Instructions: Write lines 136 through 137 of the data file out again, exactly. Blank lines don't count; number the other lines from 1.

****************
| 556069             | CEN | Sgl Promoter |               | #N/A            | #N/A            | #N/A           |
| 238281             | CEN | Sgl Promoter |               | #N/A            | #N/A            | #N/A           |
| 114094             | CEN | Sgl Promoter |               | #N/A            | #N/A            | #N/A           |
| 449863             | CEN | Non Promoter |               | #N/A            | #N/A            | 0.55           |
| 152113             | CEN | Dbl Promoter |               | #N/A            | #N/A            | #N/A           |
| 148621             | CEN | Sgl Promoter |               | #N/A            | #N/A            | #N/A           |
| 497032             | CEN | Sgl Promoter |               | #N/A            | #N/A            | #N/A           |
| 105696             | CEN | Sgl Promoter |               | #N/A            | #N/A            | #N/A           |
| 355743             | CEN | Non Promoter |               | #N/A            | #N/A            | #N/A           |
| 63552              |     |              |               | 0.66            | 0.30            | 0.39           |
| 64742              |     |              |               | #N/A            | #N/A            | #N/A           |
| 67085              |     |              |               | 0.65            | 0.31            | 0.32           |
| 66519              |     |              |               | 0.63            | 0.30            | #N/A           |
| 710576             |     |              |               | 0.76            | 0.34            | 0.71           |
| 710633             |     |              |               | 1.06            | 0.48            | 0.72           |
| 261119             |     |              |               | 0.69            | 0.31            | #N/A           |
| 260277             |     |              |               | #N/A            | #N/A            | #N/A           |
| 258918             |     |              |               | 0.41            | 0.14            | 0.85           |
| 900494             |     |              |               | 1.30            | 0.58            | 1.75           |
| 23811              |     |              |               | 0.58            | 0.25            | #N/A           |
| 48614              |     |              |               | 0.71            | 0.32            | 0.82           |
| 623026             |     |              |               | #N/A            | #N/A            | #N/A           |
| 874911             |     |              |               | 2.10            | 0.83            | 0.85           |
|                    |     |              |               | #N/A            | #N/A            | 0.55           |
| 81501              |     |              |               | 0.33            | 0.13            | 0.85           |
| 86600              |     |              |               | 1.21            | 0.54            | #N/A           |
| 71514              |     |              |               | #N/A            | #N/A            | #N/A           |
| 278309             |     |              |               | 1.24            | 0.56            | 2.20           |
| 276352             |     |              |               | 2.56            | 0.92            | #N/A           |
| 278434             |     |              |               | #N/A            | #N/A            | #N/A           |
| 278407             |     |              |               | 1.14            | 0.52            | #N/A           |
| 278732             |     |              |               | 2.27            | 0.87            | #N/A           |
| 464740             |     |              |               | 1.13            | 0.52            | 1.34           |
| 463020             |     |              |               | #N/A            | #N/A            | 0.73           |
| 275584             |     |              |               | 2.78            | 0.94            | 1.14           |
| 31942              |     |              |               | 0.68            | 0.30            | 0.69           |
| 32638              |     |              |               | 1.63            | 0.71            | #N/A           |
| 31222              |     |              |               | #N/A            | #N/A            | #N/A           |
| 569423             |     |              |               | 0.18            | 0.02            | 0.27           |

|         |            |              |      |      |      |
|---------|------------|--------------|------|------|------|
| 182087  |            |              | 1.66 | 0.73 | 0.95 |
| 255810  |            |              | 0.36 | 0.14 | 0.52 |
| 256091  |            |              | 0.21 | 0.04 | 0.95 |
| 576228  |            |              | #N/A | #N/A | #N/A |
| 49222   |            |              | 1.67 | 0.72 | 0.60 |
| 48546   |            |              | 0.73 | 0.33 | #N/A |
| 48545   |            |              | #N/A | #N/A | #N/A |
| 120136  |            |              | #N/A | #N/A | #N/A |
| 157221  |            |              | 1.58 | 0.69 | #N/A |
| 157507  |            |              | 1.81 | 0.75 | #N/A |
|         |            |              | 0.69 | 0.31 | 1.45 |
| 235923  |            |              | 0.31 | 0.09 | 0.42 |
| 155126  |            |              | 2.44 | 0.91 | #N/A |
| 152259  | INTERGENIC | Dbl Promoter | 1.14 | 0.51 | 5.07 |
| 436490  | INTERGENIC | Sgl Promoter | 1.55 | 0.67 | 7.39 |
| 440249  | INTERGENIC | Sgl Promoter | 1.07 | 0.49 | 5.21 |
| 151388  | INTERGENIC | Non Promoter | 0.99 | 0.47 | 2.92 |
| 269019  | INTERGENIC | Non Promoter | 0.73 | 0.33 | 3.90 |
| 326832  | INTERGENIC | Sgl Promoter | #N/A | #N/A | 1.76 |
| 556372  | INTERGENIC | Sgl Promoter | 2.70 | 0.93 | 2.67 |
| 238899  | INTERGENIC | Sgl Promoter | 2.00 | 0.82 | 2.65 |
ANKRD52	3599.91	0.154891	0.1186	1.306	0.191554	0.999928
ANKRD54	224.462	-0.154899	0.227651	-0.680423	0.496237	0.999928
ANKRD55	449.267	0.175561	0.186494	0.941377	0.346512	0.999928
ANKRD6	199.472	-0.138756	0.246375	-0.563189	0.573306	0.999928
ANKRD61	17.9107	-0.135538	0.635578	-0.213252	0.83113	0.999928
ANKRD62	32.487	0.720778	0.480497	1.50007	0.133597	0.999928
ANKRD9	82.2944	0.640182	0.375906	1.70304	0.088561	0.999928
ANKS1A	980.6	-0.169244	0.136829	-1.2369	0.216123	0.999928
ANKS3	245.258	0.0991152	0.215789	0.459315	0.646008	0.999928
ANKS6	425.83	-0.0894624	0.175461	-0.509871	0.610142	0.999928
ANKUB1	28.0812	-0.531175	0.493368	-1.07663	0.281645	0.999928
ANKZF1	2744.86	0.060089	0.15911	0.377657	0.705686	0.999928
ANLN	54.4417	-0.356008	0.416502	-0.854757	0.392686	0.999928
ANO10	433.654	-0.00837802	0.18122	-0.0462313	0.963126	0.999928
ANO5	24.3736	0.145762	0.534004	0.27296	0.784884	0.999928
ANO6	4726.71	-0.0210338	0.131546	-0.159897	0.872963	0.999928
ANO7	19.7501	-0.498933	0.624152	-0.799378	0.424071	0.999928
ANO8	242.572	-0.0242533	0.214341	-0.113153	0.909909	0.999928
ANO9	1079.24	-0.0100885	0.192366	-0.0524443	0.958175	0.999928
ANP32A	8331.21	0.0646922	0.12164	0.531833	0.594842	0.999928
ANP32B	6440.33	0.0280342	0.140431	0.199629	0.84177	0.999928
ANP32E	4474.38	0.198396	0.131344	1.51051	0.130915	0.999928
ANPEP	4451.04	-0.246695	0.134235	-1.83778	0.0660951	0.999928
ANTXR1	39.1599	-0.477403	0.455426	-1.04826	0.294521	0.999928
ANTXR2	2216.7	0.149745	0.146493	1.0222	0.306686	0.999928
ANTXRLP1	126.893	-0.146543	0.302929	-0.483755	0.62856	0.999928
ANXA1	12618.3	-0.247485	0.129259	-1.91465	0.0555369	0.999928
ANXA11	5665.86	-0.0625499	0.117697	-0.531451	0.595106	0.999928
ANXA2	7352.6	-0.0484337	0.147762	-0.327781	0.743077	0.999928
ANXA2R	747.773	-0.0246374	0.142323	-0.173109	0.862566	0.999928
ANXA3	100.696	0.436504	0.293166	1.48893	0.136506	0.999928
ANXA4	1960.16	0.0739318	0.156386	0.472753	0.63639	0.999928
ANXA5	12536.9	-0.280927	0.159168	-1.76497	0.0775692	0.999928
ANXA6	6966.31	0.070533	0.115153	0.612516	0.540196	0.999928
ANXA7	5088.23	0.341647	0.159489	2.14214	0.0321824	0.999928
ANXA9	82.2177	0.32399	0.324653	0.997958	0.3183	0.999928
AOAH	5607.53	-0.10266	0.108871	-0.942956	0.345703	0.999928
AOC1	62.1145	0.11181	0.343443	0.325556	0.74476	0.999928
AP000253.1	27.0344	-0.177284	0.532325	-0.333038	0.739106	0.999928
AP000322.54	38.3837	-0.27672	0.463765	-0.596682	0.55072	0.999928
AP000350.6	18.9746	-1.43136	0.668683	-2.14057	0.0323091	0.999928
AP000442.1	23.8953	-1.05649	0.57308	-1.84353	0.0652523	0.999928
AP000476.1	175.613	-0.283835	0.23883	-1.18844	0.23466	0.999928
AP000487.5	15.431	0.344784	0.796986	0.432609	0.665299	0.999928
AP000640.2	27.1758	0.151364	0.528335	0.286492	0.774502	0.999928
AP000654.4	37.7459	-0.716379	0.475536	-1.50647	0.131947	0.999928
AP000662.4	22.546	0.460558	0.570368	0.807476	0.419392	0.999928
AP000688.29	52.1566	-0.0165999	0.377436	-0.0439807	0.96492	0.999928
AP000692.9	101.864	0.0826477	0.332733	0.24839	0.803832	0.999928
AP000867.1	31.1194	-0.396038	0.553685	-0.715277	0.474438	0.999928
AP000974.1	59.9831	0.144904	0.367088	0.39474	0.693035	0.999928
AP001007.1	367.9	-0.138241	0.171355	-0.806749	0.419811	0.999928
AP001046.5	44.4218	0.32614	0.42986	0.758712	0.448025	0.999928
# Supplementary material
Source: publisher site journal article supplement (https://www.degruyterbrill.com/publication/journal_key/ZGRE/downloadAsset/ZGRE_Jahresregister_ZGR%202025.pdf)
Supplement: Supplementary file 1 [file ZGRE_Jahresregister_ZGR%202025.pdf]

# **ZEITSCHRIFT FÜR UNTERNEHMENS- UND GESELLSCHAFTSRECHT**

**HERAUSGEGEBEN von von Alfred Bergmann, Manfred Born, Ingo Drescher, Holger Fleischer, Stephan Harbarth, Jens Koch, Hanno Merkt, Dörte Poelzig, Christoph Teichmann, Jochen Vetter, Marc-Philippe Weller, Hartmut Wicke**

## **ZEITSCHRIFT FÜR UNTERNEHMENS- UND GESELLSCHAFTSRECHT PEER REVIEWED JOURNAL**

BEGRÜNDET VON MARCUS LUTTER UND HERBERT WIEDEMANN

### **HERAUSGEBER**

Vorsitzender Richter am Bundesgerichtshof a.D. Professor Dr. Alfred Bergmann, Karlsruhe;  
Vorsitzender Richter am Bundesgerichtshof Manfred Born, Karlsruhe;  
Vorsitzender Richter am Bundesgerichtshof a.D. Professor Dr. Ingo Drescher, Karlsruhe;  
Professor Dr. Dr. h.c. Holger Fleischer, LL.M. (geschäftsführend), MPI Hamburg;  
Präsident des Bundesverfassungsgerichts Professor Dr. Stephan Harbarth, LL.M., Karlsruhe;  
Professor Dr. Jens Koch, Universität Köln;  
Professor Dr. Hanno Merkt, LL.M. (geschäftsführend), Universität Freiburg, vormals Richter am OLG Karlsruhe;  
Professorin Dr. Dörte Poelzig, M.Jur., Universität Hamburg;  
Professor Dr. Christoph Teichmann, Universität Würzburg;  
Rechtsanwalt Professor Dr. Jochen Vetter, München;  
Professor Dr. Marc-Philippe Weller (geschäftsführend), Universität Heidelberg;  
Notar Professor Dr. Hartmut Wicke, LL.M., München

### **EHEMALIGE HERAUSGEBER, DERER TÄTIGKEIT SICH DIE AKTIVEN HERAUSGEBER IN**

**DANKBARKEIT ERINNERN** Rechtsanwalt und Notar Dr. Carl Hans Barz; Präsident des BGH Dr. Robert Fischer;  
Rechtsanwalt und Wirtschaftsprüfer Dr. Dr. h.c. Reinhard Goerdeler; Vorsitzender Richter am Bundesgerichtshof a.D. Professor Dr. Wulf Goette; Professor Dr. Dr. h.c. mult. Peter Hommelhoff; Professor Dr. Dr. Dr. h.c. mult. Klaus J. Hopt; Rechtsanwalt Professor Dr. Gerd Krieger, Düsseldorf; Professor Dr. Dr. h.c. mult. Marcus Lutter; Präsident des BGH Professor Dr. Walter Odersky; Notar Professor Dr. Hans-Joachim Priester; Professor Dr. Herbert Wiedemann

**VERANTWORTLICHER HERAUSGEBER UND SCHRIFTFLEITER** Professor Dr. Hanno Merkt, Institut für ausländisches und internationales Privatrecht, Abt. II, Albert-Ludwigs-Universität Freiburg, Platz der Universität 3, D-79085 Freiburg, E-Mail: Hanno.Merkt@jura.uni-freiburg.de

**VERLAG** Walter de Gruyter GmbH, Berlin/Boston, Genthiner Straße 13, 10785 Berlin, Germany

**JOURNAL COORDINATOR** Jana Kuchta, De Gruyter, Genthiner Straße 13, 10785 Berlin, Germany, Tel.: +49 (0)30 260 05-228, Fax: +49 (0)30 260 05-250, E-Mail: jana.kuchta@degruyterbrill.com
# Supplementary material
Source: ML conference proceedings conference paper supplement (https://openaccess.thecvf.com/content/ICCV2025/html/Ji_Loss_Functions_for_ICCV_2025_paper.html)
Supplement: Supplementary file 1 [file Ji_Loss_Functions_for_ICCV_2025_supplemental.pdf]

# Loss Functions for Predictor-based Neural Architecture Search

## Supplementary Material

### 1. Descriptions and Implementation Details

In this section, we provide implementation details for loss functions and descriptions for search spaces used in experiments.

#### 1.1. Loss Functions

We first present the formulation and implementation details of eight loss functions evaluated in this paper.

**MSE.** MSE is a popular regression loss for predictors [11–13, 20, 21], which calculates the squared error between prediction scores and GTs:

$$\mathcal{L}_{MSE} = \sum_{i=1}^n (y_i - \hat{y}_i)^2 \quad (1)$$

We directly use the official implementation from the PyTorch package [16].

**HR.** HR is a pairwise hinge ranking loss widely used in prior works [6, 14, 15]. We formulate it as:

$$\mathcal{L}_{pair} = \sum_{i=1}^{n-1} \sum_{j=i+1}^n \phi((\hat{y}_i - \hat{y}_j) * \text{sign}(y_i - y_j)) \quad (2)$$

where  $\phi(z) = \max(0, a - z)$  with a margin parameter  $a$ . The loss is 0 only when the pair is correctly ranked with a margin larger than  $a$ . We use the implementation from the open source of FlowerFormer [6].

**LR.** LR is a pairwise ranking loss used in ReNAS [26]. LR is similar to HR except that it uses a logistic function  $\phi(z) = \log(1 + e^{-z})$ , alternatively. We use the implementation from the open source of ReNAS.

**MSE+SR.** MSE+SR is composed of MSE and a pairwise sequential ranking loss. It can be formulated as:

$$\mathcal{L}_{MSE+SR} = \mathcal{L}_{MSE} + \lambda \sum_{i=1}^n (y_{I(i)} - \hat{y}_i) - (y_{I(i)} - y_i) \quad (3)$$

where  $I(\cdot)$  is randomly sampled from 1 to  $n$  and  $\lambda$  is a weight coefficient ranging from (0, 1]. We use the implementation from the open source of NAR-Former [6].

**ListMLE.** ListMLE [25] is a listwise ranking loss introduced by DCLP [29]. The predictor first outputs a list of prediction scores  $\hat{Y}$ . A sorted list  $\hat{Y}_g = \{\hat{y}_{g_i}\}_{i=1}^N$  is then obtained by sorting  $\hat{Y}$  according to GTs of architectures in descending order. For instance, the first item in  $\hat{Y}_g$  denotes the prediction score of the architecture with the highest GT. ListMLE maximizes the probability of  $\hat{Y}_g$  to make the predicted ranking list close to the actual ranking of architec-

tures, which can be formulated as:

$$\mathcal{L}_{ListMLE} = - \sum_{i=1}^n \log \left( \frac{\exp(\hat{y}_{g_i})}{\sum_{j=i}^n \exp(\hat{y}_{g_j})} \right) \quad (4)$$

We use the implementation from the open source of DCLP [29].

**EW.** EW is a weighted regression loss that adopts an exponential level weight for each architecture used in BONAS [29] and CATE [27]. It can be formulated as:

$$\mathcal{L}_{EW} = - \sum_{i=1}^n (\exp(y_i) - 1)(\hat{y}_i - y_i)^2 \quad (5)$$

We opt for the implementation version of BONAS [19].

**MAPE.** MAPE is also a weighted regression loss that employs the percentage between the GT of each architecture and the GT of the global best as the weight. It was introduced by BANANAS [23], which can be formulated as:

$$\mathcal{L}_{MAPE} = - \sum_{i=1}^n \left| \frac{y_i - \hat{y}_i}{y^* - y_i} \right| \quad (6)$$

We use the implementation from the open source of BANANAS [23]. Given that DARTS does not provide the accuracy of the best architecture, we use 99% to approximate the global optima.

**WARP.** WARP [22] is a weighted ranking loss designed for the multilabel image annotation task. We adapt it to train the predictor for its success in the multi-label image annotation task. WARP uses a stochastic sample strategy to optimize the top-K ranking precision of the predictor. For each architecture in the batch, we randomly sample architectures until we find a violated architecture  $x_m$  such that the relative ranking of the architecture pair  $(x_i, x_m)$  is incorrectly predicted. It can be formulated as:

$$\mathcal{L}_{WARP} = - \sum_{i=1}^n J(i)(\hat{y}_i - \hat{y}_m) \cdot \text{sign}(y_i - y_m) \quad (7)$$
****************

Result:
### **EHEMALIGE HERAUSGEBER, DERER TÄTIGKEIT SICH DIE AKTIVEN HERAUSGEBER IN**

**DANKBARKEIT ERINNERN** Rechtsanwalt und Notar Dr. Carl Hans Barz; Präsident des BGH Dr. Robert Fischer;  